Carbon Market Watch supports the G-77 proposal and is advocating for the EU and other key stakeholders to actively support the elimination of the surplus. (More details in the article “The Phantom Menace”). Above all and more than anything, it is essential to raise ambition and to close loopholes before any new market mechanisms get operationalized in the future.
CDM and JI
Carbon market issues will be negotiated in several of the negotiating tracks in Doha. Parties will give their recommendations about how to continue and reform the CDM and JI.
Countries have not yet decided who should be able to use CDM and JI credits in the next commitment period. Carbon Market Watch advocates that only countries that are joining CP2 should be able to buy or sell such offset credits.
Parties must also take bold and immediate steps to improve the environmental integrity of the CDM. The CDM is projected to generate at least twice as many offset credits than will be needed until 2020. Many of those offset credits will come from projects that would have happened anyway. These non-additional projects not only depress prices, they also fundamentally undermine climate goals. A recent study1 shows that until 2020 up to 3.6 billion credits could come from such climate damaging projects. Parties will also discuss other important CDM issues, such as rules for carbon capture and storage, forestry projects and an appeals procedure. For Carbon Market Watch’s detailed recommendations on the CDM, see this link.
JI allows for offsetting projects in countries that have a reduction obligation under the Kyoto Protocol. JI unfortunately is known for its hundreds of millions of credits from projects that have been implemented anyway, even without JI. JI rules are weak and host countries can issue as many credits as they want. (Ukraine, for example just recently issued another 18 million JI credits). Carbon Market Watch therefore advocates for strictly limiting JI to countries that have taken emissions reduction pledges that are below their 2012 emissions.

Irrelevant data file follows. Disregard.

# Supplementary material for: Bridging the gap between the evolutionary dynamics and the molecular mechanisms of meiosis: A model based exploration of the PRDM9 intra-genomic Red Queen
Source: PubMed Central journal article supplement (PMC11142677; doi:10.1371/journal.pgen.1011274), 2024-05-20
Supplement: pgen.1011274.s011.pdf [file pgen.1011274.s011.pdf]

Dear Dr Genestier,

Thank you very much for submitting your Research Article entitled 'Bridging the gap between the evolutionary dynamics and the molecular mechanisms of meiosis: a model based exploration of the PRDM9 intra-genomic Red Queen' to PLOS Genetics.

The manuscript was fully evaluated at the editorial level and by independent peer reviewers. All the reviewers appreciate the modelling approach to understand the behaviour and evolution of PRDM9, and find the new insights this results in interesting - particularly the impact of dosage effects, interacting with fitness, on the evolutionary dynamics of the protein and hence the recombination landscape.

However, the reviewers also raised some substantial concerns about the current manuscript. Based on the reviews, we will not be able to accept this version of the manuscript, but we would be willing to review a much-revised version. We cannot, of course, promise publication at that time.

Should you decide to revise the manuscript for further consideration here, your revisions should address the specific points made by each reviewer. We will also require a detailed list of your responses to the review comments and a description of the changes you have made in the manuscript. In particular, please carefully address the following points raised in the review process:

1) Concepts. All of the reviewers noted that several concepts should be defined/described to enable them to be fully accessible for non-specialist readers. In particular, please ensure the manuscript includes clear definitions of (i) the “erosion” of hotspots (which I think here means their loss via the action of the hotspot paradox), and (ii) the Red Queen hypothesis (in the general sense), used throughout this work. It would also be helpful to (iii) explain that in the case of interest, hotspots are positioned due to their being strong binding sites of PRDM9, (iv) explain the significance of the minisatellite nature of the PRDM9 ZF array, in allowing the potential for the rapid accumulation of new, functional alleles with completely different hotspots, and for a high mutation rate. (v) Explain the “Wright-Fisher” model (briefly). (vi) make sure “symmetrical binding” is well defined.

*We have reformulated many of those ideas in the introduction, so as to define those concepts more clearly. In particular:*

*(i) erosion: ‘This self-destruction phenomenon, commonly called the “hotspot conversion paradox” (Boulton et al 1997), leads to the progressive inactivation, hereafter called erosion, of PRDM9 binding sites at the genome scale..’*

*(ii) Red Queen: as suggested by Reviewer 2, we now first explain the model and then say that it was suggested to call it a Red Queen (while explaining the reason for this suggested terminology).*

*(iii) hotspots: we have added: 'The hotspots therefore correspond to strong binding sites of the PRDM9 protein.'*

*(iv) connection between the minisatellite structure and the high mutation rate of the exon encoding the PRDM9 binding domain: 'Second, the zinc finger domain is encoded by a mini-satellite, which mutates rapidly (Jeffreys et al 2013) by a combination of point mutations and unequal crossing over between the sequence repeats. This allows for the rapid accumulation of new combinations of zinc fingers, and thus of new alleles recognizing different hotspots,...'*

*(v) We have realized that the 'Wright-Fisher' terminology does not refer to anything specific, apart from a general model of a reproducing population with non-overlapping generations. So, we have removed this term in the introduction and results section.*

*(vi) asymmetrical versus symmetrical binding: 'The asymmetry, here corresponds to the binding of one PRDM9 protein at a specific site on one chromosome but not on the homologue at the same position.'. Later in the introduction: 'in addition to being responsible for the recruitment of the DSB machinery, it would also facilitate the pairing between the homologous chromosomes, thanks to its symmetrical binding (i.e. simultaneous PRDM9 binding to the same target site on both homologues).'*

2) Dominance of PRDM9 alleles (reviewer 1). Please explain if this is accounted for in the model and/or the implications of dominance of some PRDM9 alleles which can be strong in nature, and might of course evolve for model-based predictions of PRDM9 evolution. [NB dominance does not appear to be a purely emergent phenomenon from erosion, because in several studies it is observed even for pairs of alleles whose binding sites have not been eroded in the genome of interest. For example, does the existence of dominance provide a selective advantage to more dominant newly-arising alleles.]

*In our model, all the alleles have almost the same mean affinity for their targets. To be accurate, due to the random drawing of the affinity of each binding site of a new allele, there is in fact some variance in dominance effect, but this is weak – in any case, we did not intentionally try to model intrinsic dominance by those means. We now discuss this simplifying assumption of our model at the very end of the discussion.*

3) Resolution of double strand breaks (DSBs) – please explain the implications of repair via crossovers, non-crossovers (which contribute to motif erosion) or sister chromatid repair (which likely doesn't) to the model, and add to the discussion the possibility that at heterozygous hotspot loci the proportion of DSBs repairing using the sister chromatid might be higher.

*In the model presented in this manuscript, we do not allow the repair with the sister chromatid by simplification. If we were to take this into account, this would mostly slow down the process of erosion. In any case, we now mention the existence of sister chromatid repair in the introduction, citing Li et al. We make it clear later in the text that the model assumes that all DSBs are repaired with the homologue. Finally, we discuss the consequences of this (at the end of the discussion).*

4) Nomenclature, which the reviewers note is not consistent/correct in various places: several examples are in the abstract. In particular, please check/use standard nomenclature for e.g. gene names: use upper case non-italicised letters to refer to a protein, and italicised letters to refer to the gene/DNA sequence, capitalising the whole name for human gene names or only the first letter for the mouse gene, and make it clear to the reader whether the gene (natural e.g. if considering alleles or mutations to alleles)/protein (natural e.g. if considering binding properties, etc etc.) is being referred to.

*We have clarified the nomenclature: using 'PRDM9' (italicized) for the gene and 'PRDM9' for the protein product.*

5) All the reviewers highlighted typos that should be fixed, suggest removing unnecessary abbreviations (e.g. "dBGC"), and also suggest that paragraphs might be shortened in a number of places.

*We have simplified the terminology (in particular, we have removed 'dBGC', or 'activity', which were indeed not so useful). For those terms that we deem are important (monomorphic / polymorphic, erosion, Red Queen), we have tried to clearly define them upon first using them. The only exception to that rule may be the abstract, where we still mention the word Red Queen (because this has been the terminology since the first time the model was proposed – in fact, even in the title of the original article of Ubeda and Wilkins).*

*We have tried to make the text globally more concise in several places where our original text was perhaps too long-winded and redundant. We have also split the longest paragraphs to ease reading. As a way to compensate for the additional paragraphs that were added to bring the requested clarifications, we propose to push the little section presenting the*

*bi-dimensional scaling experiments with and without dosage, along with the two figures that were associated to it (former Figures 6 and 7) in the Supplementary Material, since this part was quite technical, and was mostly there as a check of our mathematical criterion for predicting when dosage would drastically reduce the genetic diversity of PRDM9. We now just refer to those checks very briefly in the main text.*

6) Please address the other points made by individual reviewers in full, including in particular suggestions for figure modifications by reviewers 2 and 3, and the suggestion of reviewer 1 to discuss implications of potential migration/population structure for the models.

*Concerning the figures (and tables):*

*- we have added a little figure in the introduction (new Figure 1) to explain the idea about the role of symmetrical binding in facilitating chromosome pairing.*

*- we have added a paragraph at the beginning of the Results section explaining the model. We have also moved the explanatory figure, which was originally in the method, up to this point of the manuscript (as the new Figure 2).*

New Market Mechanisms
At COP 17 in Durban, South Africa last year, Parties decided to establish a “new market-based mechanism” (NMM) and a “framework for various approaches,” (FVA) to create minimum requirements for internationally traded credits from regional systems. On both issues the meetings that took place in the course of 2012 saw little progress. Because Parties strongly disagree about how much oversight and quality control new market mechanisms need, it is highly unlikely that Parties will reach agreement on detailed rules for either issue in Doha.
Carbon Market Watch is a bit puzzled why the EU and some other countries are so keen on establishing new market-based mechanisms when there is no demand for such credits and the EU does not manage to reform its own EU-ETS. Yet, in addition to NMM under the UNFCCC framework numerous national or regional trading systems are being developed independently of the UNFCCC. Parallel mechanisms that can generate and trade carbon credits are problematic because of the risks of double counting and potentially weak quality standards in regional and national systems. To ensure a minimum level of integrity, it is important to establish common FVA standards set at the UNFCCC level for such mechanisms.
Carbon Market Watch will be in Doha to advocate for fair and ambitious climate solutions.